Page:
|July 25, 2012|
Caesar Chavez on the México-Tenochitlán—The Wall That Talks mural project, Avenue 61 and Figueroa, Los Angeles
From New Left Review:
In any account of the United Farm Workers, there is ample room for recrimination and bitterness; but Bardacke shows none of that in his own spirited history. The story of the UFW is inseparable from that of Cesar Chavez, the most magnetic race leader in the mid-to-late twentieth century after Martin Luther King, Jr. Like the latter a champion of non-violence, Chavez was seemingly predestined to bring down the movement with his own failures—although it would perhaps be more accurate, and certainly more generous, to say that it was the failure of the movement that brought down Chavez. The long odds against institutional success for the largely Mexican and Mexican-American agrarian workforce, owning nothing but their labour, made the charismatic super-leader’s implosion likely if not inevitable.
Bardacke, who comes from a bohemian family background, was a civil-rights activist in the early 60s, then a campus leader at Berkeley; later he was one of the many activists and counsellors who staffed the GI coffee houses and later still an agricultural worker: he spent ‘six seasons in the fields between 1971 and 1979’ harvesting broccoli, lettuce and celery in Salinas, California. He is said to have helped introduce the long-handled hoe in Watsonville, before leaving the fields to become a local teacher. Bardacke has too fine a feeling for the subject to reduce UFW history to an aspect of Cesar Chavez’s biography, as many have in the past. Chavez shares the stage with many farm workers whose stories the author tells, focusing on the character of their work, the structure of their crews, their left political backgrounds in Mexico—all of which had major impacts on the union. The differing ways in which the work was done, for example, especially in lettuce and grapes, gave farm workers involved in those crops different measures of power; these were a major factor in the union’s two-decade-long struggle with agribusiness and in the final debilitating battle within the union. Moreover, the agrarista politics the workers brought with them from Mexico played an essential part in building the union in the fields, and were a major point of difference with the Catholic Social Action ideology of Chavez and many of the top union staffers.
Except for two bitter years spent in the Navy in 1944–46, Chavez—a second-generation Mexican-American whose family lost its small store during the Depression and ended up working the fields—also picked crops until he found a new career for himself. Educated and trained in line with conservative Catholic ideas of service, sacrifice and militant resistance to ‘foreign’ doctrines such as Socialism or Communism, he could rally not only farm workers and a small army of dedicated radical idealists, but also Catholic figures, from bishops to priests, who had long shied away from progressive movements out of fear of a Communist taint. He could even appeal to rising liberal celebrities like Robert Kennedy, who carried a sordid history of collaboration with the FBI and the House Committee on Un-American Activities.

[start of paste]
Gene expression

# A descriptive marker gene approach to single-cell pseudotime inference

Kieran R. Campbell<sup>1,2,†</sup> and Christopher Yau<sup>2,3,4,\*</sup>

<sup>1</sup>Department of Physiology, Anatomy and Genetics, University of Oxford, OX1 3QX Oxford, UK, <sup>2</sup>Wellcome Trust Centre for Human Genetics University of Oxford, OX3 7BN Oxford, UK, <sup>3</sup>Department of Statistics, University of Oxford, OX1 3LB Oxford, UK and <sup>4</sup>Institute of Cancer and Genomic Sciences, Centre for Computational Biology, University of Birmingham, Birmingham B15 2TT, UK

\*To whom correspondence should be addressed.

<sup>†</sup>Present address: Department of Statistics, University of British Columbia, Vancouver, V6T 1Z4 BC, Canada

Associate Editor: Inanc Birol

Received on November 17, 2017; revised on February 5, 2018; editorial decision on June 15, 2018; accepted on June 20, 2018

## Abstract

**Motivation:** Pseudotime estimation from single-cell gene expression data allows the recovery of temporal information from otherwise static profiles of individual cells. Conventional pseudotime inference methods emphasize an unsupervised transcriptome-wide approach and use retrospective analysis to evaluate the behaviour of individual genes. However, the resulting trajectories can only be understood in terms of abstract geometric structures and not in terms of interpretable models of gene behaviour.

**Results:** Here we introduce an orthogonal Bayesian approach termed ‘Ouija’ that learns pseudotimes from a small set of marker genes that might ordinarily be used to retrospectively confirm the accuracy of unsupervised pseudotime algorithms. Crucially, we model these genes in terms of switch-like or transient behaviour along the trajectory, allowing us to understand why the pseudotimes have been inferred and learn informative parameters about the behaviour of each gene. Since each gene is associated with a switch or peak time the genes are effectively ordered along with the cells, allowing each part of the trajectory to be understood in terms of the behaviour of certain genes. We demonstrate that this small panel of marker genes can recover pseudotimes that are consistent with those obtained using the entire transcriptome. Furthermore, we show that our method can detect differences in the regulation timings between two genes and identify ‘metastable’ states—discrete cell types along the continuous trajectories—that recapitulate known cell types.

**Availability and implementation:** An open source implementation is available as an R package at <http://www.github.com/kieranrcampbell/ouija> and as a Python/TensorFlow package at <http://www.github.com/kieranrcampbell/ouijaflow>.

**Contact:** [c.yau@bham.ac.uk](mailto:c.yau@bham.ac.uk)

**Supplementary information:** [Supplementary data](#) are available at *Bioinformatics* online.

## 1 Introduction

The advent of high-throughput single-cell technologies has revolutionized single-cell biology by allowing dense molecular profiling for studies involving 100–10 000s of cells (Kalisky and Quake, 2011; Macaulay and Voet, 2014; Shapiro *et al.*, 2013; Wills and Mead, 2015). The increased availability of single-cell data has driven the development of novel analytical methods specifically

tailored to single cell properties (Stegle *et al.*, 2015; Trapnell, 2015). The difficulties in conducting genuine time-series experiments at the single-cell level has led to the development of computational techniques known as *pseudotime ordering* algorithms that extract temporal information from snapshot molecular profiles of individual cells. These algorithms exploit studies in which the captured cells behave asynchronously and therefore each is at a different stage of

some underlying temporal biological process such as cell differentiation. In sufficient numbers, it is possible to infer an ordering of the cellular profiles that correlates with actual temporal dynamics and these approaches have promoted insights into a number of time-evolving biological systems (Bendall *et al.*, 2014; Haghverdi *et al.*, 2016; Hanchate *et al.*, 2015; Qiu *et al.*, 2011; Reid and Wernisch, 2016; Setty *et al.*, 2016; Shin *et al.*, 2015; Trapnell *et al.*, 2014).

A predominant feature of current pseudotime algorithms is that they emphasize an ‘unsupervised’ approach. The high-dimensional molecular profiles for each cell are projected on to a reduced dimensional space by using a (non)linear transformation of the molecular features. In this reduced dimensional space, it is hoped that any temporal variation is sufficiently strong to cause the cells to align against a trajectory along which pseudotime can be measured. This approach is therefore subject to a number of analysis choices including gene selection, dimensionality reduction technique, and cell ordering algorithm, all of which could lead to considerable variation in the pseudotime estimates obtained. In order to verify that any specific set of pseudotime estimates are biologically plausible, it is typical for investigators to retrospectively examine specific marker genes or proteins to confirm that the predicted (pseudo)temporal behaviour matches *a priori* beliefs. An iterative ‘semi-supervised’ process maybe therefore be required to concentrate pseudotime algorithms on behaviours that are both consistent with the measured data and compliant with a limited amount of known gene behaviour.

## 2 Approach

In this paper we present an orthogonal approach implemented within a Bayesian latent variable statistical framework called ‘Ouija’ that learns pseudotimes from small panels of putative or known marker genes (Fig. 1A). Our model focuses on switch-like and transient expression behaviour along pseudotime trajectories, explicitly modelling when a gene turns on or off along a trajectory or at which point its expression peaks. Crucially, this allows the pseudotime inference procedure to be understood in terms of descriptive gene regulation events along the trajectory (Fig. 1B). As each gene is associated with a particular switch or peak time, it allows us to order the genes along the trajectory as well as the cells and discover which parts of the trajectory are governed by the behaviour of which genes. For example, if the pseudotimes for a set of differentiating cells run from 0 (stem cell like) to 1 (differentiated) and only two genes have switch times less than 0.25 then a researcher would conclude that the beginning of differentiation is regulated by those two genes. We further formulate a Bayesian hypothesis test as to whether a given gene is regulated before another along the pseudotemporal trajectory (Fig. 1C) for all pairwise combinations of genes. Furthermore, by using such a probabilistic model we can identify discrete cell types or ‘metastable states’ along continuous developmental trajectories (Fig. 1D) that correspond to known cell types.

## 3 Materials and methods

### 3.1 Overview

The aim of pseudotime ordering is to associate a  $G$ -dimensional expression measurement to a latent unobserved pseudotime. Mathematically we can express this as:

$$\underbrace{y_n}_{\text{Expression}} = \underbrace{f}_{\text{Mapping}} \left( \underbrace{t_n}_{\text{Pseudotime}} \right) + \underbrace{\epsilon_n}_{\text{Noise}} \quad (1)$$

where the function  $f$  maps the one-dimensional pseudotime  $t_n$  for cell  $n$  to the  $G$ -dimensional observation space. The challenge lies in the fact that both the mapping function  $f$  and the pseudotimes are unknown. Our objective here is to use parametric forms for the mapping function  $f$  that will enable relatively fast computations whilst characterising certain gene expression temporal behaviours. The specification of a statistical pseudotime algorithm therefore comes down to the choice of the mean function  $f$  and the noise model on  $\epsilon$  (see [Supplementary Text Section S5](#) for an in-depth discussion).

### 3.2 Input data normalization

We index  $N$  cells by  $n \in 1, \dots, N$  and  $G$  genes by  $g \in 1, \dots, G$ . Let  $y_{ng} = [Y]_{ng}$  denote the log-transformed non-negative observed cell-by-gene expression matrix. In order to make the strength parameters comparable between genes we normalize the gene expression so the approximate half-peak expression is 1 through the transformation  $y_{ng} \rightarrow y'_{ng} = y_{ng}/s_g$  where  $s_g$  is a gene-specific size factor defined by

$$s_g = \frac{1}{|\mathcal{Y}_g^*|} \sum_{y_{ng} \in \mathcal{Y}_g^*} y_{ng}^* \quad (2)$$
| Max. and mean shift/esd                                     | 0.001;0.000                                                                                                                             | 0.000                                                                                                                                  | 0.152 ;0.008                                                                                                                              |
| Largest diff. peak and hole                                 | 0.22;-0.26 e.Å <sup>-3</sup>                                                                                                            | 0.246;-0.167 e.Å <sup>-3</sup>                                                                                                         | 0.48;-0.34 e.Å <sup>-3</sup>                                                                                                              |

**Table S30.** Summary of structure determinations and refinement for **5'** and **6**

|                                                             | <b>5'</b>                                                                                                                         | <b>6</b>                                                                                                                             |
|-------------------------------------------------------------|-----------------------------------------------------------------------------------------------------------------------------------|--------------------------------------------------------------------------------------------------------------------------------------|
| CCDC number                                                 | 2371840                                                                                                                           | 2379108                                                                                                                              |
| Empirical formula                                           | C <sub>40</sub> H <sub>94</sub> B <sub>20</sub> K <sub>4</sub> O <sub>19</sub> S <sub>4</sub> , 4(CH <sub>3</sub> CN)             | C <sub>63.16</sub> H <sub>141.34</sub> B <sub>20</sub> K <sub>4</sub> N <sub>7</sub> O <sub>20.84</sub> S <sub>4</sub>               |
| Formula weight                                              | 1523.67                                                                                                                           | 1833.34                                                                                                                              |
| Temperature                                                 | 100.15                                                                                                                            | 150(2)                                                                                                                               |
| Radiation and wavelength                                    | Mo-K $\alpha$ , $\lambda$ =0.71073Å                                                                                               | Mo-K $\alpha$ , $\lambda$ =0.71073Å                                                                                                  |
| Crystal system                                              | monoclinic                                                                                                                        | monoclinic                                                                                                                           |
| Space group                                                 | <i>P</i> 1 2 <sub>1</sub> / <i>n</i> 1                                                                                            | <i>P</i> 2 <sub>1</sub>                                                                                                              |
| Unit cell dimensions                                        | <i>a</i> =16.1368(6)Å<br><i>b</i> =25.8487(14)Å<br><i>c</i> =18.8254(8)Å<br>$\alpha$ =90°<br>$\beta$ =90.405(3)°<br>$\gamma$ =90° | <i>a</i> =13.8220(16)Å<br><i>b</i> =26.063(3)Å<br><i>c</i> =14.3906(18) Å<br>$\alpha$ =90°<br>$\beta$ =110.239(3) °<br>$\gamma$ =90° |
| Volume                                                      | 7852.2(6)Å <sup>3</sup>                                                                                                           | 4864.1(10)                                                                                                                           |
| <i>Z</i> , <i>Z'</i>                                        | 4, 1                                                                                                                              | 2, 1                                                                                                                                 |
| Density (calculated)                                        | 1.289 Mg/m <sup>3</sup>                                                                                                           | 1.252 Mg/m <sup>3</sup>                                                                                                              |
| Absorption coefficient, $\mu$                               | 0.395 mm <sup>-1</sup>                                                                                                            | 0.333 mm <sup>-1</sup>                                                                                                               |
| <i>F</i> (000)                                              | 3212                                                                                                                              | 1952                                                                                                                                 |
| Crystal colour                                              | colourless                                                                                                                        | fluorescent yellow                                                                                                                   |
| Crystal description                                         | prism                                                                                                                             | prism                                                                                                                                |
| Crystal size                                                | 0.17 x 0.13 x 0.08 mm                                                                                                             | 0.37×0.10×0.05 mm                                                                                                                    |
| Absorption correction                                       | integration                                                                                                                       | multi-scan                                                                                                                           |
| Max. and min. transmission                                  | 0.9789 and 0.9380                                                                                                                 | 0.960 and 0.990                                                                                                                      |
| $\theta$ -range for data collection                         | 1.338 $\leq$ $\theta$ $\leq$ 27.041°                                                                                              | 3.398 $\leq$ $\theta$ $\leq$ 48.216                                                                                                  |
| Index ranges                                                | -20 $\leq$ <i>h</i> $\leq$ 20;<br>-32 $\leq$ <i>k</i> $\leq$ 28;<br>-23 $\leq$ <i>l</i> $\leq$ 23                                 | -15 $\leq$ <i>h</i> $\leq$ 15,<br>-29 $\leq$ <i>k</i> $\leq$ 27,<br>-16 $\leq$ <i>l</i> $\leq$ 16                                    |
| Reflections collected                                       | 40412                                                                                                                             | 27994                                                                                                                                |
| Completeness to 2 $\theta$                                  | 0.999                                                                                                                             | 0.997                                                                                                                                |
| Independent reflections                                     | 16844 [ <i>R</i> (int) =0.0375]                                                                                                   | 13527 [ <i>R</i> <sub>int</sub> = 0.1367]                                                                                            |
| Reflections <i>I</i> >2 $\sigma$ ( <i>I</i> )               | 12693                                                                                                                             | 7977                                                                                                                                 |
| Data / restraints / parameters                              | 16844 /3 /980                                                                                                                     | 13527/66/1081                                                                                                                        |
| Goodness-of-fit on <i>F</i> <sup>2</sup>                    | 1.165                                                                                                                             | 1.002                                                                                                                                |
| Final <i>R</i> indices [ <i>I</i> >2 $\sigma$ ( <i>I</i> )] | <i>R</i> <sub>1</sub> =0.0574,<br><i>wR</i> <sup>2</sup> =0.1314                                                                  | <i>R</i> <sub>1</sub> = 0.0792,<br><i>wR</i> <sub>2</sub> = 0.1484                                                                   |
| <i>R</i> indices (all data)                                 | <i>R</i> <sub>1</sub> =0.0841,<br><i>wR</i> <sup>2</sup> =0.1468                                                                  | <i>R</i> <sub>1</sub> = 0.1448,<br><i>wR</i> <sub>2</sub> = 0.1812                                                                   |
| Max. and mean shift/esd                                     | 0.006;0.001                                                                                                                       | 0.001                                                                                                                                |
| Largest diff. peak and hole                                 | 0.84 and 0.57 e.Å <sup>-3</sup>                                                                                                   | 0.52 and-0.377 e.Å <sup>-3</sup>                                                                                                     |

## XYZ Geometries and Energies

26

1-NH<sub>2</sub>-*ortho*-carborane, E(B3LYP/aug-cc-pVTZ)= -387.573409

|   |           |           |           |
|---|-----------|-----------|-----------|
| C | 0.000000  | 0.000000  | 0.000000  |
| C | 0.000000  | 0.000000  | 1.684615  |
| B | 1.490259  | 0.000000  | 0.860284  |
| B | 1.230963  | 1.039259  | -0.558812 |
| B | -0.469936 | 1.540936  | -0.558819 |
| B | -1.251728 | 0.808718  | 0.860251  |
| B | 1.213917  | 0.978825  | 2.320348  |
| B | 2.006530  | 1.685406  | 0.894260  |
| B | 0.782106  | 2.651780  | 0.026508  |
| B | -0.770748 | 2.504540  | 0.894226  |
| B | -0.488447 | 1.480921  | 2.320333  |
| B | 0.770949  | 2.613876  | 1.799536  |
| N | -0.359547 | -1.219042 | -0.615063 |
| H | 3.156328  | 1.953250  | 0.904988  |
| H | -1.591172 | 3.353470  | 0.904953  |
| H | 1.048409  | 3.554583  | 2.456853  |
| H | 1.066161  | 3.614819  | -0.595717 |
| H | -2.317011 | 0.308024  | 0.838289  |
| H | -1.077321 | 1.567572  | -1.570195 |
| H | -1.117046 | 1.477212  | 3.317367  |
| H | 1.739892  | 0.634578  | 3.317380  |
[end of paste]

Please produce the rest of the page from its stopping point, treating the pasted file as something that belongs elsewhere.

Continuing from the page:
Behind this seemingly personal saga lay a broader activist history.
The Death of Romance in the Shadow of the Colossus
These are the two modalities through which you engage the world of Shadow of the Colossus: In the journey, you are the lost soul; in the encounter, you become the lover and the warrior, carried by your passions into mortal struggles with the Colossi. These guardian monsters, your adversaries, fill in the emotional frame established by your travels through the Forbidden Land.
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DMX’s lyrics have always been excessively violent, even within the standards of the genre. As a performer, DMX gave his all to his audience, sharing his darkest thoughts, psychological troubles and drug abuse struggles. Beyond his darkness, the singer also shared with his listeners his desperate quest for God, by featuring a prayer – usually delivered a cappella – on every one of his albums.
Penny Goring & Rauan Klassnik jst spk, woa
words or pics, it’s all the same to me, i don’t draw lines. my exes mum, after reading a poem of mine, he told me she sed to him: ‘someone needs to get her to stop. will she ever draw the line?’ but i won’t. because i don’t want to. if something happened to me it is mine. i can do what i like with it.
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